When German Chancellor Angela Merkel visited the GEOMAR Helmholtz Centre for Ocean Research in Kiel, Germany, in 2012, she was well-informed about the dangers posed by ocean acidification. What Merkel wanted to know was whether marine organisms could ever adapt to these changing conditions.
It’s an important question with potentially dramatic implications for our food chain—and one that German marine biologist Ulf Riebesell has spent the past seven years exploring through his research. What’s becoming increasingly clear is that while some organisms may be able to adapt to lower pH levels, many more will be challenged to do so when exposed to additional stressors such as global warming.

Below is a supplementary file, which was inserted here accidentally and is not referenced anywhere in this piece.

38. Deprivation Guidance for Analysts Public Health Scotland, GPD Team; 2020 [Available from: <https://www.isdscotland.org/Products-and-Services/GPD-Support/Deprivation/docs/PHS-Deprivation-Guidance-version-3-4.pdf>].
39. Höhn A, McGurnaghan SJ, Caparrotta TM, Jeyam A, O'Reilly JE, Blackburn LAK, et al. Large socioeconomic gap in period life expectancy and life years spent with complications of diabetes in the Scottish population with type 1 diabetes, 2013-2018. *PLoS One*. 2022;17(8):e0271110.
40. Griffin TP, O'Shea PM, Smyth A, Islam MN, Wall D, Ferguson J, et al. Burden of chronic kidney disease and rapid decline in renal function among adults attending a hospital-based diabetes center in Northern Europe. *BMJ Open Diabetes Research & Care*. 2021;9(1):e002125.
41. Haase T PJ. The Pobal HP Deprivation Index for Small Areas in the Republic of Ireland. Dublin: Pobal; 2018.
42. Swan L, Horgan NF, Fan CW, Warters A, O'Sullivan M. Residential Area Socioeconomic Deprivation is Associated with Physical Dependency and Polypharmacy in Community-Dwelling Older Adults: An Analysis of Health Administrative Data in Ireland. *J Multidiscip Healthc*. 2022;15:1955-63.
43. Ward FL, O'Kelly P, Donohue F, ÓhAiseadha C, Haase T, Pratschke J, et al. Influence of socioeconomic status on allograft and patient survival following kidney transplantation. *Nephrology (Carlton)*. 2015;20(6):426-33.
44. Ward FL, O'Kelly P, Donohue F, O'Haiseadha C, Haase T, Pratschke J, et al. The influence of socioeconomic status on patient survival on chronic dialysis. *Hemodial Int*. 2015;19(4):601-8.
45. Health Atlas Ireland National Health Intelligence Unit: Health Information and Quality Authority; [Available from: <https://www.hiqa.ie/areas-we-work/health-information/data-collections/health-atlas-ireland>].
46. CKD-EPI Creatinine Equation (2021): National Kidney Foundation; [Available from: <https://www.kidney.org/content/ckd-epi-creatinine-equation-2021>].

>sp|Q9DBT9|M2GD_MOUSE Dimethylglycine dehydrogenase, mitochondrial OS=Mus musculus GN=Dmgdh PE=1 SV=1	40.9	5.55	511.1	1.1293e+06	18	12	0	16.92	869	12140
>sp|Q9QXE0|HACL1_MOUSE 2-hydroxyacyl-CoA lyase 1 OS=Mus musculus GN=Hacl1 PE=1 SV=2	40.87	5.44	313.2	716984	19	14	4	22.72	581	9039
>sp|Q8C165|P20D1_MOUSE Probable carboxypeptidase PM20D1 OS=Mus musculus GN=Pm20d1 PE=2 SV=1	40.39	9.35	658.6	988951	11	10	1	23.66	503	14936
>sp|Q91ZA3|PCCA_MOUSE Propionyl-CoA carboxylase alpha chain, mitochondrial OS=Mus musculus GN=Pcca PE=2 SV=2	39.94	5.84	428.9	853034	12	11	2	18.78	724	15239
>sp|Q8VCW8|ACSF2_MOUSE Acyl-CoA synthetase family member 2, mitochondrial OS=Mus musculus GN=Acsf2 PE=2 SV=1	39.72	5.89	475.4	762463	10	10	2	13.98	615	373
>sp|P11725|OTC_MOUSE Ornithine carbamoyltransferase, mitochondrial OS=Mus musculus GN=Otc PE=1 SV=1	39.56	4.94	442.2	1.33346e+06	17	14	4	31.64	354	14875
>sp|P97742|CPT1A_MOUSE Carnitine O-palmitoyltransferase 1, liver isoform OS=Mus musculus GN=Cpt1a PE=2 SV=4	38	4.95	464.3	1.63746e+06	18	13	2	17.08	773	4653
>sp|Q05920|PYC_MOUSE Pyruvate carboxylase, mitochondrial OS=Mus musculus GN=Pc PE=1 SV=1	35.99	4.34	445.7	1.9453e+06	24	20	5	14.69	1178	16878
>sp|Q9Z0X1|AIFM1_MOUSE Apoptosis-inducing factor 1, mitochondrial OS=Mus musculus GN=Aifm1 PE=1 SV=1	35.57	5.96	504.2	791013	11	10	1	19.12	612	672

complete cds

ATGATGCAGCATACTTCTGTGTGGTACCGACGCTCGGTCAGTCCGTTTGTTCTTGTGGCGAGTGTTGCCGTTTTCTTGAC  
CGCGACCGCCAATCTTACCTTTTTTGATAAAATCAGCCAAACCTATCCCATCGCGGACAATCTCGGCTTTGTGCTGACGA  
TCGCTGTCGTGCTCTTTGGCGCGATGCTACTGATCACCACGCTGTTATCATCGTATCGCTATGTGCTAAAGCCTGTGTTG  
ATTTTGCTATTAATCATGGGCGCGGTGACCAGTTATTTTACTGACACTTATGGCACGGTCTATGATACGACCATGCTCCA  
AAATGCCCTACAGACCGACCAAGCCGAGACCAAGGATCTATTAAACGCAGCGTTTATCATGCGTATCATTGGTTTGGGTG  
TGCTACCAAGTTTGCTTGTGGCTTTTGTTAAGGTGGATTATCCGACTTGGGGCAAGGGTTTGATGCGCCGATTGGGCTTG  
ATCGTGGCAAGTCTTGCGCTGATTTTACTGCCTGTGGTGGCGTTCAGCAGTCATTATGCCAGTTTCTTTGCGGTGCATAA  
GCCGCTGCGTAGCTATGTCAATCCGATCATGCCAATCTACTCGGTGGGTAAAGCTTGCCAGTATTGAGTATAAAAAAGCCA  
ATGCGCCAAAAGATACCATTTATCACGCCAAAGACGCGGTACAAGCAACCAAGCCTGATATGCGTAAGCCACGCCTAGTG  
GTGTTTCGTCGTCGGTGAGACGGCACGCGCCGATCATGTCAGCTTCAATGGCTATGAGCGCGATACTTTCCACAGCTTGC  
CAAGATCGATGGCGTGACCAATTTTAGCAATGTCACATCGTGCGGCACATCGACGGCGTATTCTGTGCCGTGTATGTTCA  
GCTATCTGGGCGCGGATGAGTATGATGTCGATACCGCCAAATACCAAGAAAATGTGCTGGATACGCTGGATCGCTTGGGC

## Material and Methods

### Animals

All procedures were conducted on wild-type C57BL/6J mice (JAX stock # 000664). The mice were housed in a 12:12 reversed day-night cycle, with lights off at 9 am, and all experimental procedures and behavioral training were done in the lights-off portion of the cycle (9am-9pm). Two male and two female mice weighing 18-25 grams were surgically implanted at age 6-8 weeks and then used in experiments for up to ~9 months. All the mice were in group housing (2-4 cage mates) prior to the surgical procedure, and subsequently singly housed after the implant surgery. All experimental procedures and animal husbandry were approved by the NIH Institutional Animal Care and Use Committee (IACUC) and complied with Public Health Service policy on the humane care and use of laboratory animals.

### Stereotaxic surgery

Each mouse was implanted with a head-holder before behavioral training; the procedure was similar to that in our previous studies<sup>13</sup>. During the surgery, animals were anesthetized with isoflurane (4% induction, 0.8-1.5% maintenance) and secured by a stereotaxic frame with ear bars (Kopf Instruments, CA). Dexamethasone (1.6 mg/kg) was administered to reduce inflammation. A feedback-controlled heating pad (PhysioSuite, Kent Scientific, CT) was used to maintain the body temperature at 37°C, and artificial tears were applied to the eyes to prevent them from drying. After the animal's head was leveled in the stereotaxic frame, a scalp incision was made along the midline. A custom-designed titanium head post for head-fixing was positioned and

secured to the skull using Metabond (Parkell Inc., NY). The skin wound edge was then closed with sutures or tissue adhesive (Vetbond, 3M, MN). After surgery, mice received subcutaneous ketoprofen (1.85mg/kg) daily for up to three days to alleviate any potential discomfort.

These developments could lead to a decline in biodiversity in the ocean, with some organisms losing the ability to compete and eventually disappearing from their ecosystem.
“Evolution will not be fast enough to replace those species that are lost,” says Riebesell, a professor of biological oceanography who joined GEOMAR in 2003. “With declining biodiversity, we expect ecosystems to be less tolerant to further change. Many of the ecosystem functions we rely on will change—many of them not for the better—and food production is likely to be one of them.”
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